Pokémon Go, the augmented reality-infused Pokémon app for iPhone and Android phones, launched last week and has already seen millions of of eager pokémon trainers taking to the streets to try to catch ‘em all. How can charities and non-profits get involved in this latest gaming phenomenon?
Although only available in the United States, Australia, and New Zealand at launch, Ninantic – the company behind the app – is rolling out Pokemon Go to other regions in the near future and it’s now available in the UK and Germany.
Ad agencies are already scrambling to form Pokémon Go strategies for clients, so it can only be a matter of time before we see businesses using the game as a way of engaging with customers.
The app also has the potential to be a fantastic way to get people engaged with your charity or non-profit.
Although it’s very early days for the game and there are only a few example of how charities are engaging with players, we’re excited about the idea of a range of ways for nonprofits to use Pokémon Go as part of their engagement strategies.
Read on for a guide of what Pokémon go is, how it works and how charities have already started engaging players.
In this article:
How does Pokémon Go Work?
Here’s a quick run down of how Pokémon Go works so you can at least have an idea of what the game is all about before you talk to colleagues about the potential opportunities.
Catching pokémon works like a traditional pokémon game that was first found on Nintendo’s Game Boy handheld console in the ’90s, but taps into augmented-reality to add a real world dimension to the game.
Players walk around with the app open on your phone (which is why you might see even more people staring at their phones as they walk than usual).
The player’s phone will buzz when pokémon are nearby. They then tap on the pokémon on the map and switch to catching mode. The colour of the ring surrounding the pokémon helps determine how easy it is to catch — green is easiest, yellow intermediate, and red the most difficult.
Different pokémon are found in different places — so while one location might be infested with Zubats, which are easy to catch, going further afield may result in different or rarer pokémon, which are much harder to catch and require more experience gained through playing the game.
Take a look at this article on The Verge for a more in-depth understanding of Pokémon Go..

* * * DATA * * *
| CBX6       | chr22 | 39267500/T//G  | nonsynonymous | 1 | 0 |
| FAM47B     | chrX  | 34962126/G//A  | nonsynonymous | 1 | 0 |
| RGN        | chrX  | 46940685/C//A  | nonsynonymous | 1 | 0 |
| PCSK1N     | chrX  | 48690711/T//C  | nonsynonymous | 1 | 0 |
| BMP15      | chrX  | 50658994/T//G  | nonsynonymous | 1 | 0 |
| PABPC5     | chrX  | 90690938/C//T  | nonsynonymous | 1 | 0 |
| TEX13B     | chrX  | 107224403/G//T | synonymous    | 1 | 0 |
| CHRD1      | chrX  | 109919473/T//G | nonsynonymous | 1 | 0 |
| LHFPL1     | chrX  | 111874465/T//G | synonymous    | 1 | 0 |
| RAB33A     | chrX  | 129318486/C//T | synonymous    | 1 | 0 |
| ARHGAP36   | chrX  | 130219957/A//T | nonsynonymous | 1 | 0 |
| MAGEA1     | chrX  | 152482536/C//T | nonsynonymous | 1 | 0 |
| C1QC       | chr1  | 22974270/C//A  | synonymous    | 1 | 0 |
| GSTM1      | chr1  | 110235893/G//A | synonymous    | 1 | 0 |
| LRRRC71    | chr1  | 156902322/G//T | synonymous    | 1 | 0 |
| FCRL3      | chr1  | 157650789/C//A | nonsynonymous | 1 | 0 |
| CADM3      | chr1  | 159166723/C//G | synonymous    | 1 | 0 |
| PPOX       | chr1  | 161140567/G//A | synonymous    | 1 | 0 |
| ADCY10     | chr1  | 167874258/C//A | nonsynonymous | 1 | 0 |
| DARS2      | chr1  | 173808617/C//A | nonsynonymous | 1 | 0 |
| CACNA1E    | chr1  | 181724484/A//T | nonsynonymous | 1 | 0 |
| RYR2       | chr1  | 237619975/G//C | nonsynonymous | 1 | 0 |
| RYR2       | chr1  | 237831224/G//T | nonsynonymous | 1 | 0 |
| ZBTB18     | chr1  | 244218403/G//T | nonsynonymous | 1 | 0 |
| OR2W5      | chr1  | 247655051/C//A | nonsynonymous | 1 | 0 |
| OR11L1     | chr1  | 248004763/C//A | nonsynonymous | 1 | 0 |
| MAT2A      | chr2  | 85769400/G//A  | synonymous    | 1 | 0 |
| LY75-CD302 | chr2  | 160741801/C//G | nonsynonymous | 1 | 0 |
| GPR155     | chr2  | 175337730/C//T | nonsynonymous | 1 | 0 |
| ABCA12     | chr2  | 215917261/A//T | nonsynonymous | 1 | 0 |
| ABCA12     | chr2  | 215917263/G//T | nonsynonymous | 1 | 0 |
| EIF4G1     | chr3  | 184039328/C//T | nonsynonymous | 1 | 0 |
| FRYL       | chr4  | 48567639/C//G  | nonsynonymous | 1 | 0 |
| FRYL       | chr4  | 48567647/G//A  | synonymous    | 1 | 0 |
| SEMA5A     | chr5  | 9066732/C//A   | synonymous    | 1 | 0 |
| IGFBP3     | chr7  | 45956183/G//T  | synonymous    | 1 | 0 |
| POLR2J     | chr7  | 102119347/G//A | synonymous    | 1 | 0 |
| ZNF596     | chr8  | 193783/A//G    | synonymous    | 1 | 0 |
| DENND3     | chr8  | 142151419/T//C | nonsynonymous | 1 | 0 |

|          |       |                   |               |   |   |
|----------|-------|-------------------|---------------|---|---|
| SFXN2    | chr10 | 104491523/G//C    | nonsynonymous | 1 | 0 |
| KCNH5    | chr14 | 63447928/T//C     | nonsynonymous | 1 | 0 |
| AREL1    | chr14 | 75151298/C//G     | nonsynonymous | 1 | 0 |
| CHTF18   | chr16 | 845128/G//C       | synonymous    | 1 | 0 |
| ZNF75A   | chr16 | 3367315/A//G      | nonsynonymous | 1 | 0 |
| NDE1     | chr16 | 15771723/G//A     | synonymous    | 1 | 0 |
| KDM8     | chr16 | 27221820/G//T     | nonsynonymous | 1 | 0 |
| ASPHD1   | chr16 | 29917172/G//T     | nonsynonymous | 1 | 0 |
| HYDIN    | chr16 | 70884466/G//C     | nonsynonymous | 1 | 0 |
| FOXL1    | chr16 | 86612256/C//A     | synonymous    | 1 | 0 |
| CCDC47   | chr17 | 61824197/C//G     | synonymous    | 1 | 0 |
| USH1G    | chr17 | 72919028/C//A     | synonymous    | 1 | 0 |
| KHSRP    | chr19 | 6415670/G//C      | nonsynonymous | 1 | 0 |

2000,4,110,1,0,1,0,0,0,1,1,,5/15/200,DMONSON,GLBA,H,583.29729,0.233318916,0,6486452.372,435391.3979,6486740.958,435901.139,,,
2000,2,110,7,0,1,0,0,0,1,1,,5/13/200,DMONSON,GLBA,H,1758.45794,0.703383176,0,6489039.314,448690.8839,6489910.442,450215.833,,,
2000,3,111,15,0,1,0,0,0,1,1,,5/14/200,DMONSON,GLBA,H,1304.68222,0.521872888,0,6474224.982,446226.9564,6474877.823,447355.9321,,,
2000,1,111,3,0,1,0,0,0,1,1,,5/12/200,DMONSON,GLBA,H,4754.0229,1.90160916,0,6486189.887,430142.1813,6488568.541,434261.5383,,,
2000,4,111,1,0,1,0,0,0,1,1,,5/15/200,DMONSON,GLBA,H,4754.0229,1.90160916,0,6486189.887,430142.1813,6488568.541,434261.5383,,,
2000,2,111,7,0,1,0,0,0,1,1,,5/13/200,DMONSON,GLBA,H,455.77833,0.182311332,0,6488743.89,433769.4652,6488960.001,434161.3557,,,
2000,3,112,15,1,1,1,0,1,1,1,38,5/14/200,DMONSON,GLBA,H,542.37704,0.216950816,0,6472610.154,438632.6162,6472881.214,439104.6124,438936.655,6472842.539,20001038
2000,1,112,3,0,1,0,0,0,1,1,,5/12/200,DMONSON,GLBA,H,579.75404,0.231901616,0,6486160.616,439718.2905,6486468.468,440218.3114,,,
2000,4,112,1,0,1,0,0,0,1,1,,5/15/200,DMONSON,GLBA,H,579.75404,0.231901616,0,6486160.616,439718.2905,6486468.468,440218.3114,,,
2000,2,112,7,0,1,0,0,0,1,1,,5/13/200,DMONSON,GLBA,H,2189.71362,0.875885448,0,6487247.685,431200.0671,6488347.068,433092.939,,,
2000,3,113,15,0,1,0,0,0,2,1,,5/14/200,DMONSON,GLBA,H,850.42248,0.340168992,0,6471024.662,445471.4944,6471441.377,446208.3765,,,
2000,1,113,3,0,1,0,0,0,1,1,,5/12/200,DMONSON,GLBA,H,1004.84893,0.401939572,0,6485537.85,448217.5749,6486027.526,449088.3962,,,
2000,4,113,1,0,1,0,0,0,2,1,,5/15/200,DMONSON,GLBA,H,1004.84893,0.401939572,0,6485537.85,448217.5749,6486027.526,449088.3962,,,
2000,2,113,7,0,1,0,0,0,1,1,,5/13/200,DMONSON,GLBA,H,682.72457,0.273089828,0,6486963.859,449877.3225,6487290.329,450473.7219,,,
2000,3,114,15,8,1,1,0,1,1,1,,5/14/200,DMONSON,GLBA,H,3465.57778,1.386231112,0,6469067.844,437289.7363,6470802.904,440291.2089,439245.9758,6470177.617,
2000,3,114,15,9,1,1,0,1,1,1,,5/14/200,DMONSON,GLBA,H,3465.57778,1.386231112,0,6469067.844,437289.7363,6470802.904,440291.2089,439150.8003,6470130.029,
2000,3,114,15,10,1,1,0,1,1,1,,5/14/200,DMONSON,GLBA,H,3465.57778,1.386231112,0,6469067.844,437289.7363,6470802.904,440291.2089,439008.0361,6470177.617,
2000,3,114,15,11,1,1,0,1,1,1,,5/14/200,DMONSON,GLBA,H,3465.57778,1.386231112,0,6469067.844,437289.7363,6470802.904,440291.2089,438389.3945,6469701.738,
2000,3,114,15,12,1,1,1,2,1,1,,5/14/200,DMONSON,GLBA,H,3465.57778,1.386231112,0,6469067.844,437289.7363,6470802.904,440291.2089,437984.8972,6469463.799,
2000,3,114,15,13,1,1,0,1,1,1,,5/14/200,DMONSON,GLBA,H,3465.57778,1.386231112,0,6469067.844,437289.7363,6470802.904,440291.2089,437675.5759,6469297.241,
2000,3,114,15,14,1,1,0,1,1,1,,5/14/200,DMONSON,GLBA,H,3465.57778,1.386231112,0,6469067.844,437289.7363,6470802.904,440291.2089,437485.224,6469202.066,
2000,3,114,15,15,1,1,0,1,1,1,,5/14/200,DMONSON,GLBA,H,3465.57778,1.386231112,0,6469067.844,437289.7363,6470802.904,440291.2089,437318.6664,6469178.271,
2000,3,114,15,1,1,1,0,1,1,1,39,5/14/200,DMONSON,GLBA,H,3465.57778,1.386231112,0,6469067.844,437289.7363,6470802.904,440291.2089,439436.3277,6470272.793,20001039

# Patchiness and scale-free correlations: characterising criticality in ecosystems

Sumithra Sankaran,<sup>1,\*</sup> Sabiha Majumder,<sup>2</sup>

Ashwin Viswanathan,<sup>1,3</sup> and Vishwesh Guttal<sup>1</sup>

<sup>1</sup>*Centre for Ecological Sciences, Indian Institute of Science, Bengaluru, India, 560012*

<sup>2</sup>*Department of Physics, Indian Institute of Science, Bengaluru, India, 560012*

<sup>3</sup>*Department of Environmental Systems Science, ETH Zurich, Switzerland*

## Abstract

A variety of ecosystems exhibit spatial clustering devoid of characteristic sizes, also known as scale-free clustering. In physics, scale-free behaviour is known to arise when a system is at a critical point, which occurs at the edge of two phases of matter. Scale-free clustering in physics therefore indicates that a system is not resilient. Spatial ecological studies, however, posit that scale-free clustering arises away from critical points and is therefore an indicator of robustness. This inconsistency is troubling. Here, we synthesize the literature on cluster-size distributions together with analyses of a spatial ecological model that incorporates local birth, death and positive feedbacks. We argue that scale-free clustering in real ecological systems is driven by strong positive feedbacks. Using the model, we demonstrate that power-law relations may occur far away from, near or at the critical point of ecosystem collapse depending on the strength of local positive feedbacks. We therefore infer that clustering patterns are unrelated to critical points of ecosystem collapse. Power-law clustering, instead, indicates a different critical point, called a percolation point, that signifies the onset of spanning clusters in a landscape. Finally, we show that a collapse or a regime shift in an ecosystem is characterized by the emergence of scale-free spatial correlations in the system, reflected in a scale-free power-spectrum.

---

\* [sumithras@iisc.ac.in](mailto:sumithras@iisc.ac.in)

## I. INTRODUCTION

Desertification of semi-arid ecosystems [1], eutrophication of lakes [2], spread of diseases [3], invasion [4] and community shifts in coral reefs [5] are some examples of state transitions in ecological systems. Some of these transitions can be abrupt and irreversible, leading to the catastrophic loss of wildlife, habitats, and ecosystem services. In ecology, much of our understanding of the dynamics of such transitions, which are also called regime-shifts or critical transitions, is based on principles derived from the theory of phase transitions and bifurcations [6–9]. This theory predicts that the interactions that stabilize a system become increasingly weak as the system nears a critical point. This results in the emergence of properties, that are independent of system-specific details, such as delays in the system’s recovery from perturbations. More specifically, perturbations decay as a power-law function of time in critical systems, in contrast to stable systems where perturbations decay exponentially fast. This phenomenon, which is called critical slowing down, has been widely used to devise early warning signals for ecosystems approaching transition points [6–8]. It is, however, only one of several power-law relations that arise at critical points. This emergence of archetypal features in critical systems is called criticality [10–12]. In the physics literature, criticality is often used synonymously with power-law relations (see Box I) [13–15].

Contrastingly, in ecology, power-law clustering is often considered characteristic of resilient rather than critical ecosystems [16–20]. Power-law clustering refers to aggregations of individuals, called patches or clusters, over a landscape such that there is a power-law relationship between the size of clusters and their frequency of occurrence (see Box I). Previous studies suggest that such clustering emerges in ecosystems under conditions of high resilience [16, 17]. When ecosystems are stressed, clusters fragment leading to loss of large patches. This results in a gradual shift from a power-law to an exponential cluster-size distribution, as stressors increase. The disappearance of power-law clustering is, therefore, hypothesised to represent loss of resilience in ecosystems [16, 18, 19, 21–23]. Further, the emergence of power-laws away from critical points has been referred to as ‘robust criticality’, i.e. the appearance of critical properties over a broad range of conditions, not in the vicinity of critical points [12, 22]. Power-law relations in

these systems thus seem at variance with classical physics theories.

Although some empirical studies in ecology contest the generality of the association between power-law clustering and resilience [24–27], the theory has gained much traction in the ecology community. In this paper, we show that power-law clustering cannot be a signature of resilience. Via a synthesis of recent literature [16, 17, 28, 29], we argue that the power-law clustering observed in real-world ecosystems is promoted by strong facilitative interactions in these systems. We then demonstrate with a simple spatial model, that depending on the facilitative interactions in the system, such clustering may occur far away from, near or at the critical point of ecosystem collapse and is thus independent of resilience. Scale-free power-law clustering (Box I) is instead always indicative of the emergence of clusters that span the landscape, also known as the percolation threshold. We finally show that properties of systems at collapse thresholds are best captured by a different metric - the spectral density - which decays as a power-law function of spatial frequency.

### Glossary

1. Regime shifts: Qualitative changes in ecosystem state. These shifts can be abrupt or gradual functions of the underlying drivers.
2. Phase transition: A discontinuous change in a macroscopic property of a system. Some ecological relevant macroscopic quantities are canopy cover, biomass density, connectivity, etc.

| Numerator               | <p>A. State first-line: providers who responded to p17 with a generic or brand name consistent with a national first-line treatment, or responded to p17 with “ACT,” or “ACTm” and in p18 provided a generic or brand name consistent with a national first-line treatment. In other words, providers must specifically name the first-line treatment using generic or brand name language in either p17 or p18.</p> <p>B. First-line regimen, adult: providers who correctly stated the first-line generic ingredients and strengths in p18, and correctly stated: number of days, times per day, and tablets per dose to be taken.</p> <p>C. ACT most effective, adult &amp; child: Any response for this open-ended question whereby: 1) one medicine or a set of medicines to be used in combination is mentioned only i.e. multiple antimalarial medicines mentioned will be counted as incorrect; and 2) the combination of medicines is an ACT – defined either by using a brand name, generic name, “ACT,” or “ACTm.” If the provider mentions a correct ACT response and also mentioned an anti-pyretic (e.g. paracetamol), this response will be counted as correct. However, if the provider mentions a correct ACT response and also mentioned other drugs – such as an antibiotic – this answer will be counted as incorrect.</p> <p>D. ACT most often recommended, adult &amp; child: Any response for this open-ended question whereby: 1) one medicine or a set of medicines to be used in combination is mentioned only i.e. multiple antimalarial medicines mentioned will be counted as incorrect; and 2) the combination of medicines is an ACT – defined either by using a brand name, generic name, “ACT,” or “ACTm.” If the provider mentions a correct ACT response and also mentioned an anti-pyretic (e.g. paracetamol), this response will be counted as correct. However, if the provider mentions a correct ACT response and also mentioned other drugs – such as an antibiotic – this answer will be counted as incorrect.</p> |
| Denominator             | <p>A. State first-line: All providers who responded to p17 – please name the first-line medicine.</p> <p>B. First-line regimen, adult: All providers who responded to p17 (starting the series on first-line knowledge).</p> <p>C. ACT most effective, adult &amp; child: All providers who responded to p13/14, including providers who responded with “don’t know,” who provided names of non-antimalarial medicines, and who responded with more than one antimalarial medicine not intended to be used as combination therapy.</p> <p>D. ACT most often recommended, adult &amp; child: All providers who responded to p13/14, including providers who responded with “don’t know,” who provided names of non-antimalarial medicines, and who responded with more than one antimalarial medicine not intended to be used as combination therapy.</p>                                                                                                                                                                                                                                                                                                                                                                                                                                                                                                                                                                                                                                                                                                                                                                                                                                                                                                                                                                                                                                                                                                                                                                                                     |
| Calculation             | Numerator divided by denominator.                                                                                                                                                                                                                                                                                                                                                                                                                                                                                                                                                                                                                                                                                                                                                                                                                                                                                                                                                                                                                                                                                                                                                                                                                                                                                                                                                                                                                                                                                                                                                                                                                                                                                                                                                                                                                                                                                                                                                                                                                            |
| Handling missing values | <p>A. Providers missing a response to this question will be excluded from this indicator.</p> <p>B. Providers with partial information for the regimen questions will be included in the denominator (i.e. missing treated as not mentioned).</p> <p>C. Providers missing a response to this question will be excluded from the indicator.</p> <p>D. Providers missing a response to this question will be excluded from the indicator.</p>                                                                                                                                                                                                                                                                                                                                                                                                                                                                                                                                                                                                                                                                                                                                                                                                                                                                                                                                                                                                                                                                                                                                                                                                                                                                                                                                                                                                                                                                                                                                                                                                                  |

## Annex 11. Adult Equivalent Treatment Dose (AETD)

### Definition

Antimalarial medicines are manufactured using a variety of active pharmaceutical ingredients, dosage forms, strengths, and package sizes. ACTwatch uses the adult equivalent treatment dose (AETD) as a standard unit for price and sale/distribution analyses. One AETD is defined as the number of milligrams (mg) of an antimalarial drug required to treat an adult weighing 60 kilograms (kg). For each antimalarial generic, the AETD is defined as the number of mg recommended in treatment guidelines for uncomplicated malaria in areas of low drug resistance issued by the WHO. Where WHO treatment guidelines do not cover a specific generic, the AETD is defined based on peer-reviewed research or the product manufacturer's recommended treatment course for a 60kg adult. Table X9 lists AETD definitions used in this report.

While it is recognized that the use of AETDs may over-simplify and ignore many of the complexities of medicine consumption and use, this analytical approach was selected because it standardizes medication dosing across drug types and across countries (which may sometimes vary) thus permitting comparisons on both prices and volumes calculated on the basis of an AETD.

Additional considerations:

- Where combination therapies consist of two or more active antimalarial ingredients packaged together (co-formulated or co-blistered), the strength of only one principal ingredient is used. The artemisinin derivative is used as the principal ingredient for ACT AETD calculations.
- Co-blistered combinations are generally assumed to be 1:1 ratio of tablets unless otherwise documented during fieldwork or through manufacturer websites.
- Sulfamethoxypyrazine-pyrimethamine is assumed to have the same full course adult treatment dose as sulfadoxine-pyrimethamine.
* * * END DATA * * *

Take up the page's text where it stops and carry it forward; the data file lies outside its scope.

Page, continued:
What are Pokéstops, Gyms and Lures?
Pokéstops and Gyms represent the best opportunity for charities and nonprofits to engage with players, as these are places that players will go out of their way to visit as part of playing the game. Here’s how they work.
Pokéstops and Gyms are usually found at important local landmarks, marked on the game’s map at significant locations.
When a player is close enough to a Pokéstop to activate it, the map icon will expand into a spinning pokéballs icon, allowing them to tap on it to obtain items, such as pokéballs, potions, revives, and eggs (which can be hatched by walking around).
Visiting Pokéstops is the primary way for players of getting items, which is why players will go out of their way while playing the game to visit those locations.
Gyms are similar to Pokéstops in that they are based at significant local landmarks, but they are used by players to battle other players and gain experience for their Pokémon.
So Pokéstops and Gyms are basically visitor magnets, ideal for anyone looking to drive footfall to a certain location.
For example, if your charity operates a retail space or you’re a cultural institution looking to drive more visitors, creating a Pokéstop or Gym at that location will naturally attract Pokémon Go Players.
Lures are also worth knowing about, as they are an in-game device that attracts Pokémon to a Pokéstop location for 30 minutes. This also attracts other people to the area to benefit from the effect, which is why you get lots of people in the same area simultaneously – all catching the same monsters.
This has brought many players together, and there are heart-warming stories of people meeting each other to go on adventures. But some players have also seen a darker side, using lures to attract players – some vulnerable people, many with expensive smartphones – off the beaten track.
For example, four teenage robbers were arrested after using Pokémon Go to “anticipate the location and level of seclusion of unwitting victims”, as reported by The Guardian.
How do I create a Pokéstop or Gym location?
Unfortunately, there’s no current way for anyone to create a Pokéstop according to this Quora thread.
However, Niantic are working with businesses so they can buy Pokéstops/pokémon to be made available at their locations.
Niantic Chief Executive John Hanke told the Financial Times that “sponsored locations,” where companies would pay to become locations in the virtual world in order to drive foot traffic, will be coming to the game.